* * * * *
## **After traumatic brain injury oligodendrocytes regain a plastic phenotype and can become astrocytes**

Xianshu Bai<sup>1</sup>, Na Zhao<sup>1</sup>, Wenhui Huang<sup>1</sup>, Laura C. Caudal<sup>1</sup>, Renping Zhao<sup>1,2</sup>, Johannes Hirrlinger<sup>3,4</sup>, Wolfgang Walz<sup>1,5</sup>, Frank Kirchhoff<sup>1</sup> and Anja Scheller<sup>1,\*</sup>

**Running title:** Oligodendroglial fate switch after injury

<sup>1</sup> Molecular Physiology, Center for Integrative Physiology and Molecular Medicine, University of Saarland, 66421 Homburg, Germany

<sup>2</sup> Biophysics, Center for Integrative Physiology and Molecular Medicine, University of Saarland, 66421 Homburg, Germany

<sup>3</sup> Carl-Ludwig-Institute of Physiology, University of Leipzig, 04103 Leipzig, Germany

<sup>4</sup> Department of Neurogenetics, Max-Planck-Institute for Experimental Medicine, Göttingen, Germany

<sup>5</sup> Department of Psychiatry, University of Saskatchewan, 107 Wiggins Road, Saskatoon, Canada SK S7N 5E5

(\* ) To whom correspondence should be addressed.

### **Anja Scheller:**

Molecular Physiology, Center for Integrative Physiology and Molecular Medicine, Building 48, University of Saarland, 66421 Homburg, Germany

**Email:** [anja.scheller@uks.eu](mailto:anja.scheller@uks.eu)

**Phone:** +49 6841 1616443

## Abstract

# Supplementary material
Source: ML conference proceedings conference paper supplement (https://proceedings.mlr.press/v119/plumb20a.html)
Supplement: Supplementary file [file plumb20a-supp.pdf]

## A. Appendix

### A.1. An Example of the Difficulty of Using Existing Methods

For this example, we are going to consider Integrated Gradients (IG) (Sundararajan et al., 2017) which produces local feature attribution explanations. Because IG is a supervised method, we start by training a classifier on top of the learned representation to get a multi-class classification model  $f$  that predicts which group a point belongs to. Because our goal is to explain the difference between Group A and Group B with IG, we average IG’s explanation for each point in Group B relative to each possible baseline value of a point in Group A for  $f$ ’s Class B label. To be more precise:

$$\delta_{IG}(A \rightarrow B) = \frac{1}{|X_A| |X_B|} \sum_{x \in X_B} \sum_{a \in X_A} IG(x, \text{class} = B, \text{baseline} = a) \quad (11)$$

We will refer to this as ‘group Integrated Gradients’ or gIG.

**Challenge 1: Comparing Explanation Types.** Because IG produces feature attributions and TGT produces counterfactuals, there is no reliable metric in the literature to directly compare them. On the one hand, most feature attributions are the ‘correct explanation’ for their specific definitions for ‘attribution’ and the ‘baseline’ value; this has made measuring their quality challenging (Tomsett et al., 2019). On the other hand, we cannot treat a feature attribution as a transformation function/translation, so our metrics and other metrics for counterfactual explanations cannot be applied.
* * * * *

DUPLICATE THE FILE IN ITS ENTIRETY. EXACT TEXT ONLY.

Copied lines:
## **After traumatic brain injury oligodendrocytes regain a plastic phenotype and can become astrocytes**

Xianshu Bai<sup>1</sup>, Na Zhao<sup>1</sup>, Wenhui Huang<sup>1</sup>, Laura C. Caudal<sup>1</sup>, Renping Zhao<sup>1,2</sup>, Johannes Hirrlinger<sup>3,4</sup>, Wolfgang Walz<sup>1,5</sup>, Frank Kirchhoff<sup>1</sup> and Anja Scheller<sup>1,\*</sup>

**Running title:** Oligodendroglial fate switch after injury

<sup>1</sup> Molecular Physiology, Center for Integrative Physiology and Molecular Medicine, University of Saarland, 66421 Homburg, Germany

<sup>2</sup> Biophysics, Center for Integrative Physiology and Molecular Medicine, University of Saarland, 66421 Homburg, Germany

<sup>3</sup> Carl-Ludwig-Institute of Physiology, University of Leipzig, 04103 Leipzig, Germany

<sup>4</sup> Department of Neurogenetics, Max-Planck-Institute for Experimental Medicine, Göttingen, Germany

<sup>5</sup> Department of Psychiatry, University of Saskatchewan, 107 Wiggins Road, Saskatoon, Canada SK S7N 5E5

(\* ) To whom correspondence should be addressed.

### **Anja Scheller:**

Molecular Physiology, Center for Integrative Physiology and Molecular Medicine, Building 48, University of Saarland, 66421 Homburg, Germany

**Email:** [anja.scheller@uks.eu](mailto:anja.scheller@uks.eu)

**Phone:** +49 6841 1616443

## Abstract

# Supplementary material
Source: ML conference proceedings conference paper supplement (https://proceedings.mlr.press/v119/plumb20a.html)
Supplement: Supplementary file [file plumb20a-supp.pdf]

## A. Appendix

### A.1. An Example of the Difficulty of Using Existing Methods

For this example, we are going to consider Integrated Gradients (IG) (Sundararajan et al., 2017) which produces local feature attribution explanations. Because IG is a supervised method, we start by training a classifier on top of the learned representation to get a multi-class classification model  $f$  that predicts which group a point belongs to. Because our goal is to explain the difference between Group A and Group B with IG, we average IG’s explanation for each point in Group B relative to each possible baseline value of a point in Group A for  $f$ ’s Class B label. To be more precise:

$$\delta_{IG}(A \rightarrow B) = \frac{1}{|X_A| |X_B|} \sum_{x \in X_B} \sum_{a \in X_A} IG(x, \text{class} = B, \text{baseline} = a) \quad (11)$$

We will refer to this as ‘group Integrated Gradients’ or gIG.

**Challenge 1: Comparing Explanation Types.** Because IG produces feature attributions and TGT produces counterfactuals, there is no reliable metric in the literature to directly compare them. On the one hand, most feature attributions are the ‘correct explanation’ for their specific definitions for ‘attribution’ and the ‘baseline’ value; this has made measuring their quality challenging (Tomsett et al., 2019). On the other hand, we cannot treat a feature attribution as a transformation function/translation, so our metrics and other metrics for counterfactual explanations cannot be applied.